§ 2. The Holy See takes this occasion to reiterate its condemnation of hatred, persecution and all other manifestations of antisemitism directed against the Jewish people and individual Jews anywhere, at any time and by anyone. In particular, the Holy See deplores attacks on Jews and desecration of Jewish synagogues and cemeteries, acts which offend the memory of the victims of the Holocaust, especially when they occur in the same places which witnessed it.
§ 1. The Holy See and the State of Israel declare their respective commitment to the promotion of the peaceful resolution of conflicts among States and nations, excluding violence and terror from international life.
§ 2. The Holy See, while maintaining in every case the right to exercise its moral and spiritual teaching-office, deems it opportune to recall that, owing to its own character, it is solemnly committed to remaining a stranger to all merely temporal conflicts, which principle applies specifically to disputed territories and unsettled borders...
The Holy See and the State of Israel will continue to negotiate in good faith in pursuance of the Agenda agreed upon in Jerusalem, on 15 July 1992, and confirmed at the Vatican, on 29 July 1992; likewise on issues arising from Articles of the present Agreement, as well as on other issues bilaterally agreed upon as objects of negotiation.
3. 1993 and onwards - de jure recognitionIt should be kept in mind that the Roman Catholic Church officially teaches replacement theology, with the Roman Catholic Church as the new Israel. According to Dogmatic Constitution on the Church: Lumen Gentium, Solemnly Promulgated by His Holiness Pope Paul VI on November 21, 1964 (from Chapter II: The People of God):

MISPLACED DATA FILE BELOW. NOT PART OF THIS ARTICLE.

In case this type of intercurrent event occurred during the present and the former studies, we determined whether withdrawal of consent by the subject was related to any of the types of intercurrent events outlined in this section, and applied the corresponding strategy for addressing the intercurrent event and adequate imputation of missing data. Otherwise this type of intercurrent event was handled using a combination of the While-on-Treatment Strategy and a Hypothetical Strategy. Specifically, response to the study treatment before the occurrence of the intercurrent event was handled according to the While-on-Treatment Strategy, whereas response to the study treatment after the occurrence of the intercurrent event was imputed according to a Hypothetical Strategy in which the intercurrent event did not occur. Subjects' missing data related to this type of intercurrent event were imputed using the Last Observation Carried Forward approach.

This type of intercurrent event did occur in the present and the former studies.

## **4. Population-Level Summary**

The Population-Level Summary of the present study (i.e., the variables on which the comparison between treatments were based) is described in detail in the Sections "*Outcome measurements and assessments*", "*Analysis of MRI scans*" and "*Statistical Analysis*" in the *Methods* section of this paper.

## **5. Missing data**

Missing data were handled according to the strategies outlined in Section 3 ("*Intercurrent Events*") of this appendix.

A year and a half of complicated negotiations culminated with the signing of the Fundamental Agreement between the Holy See and the State of Israel on 30 December 1993. Then, in accordance with the Additional Protocol to the Fundamental Agreement, fully accredited ambassadors were exchanged in May 1994. More in the nature of a framework agreement, the Fundamental Agreement opened the way for the establishment of juridical and fiscal subcommissions to deal with an array of substantive matters that were consciously left outstanding. Adding an unusual dimension, the Agreement acknowledged the unique nature of the relationship between the Church and the Jewish People and reiterated the Church's condemnation of anti-Semitism in all its forms, as voiced in Nostra Aetate.
Since that point in time, Israel and the Holy See have maintained a close diplomatic relationship - which has not been without its periods of strain and even crisis. The deliberations of the juridical sub-committee were concluded relatively quickly with a supplementary agreement signed on 10 December 1997, in which Israel recognised the juridical personality and the authority of canon law within the Catholic Church and its institutions, as well as those of the Latin Patriarchate of Jerusalem and of the Eastern Catholic Patriarchates and their respective dioceses in the territory of Israel, while for their part those ecclesiastical entities recognised prevailing Israeli law in civil and criminal matters. On the other hand, the work of the fiscal sub-committee is still unfinished, due to serious difficulties in bridging the principled positions of the two sides and, from Israel’s point of view, because of the potential fiscal and material implications of any special privileges that may be granted to the Catholic Church for other Christian and non-Christian groups in the country.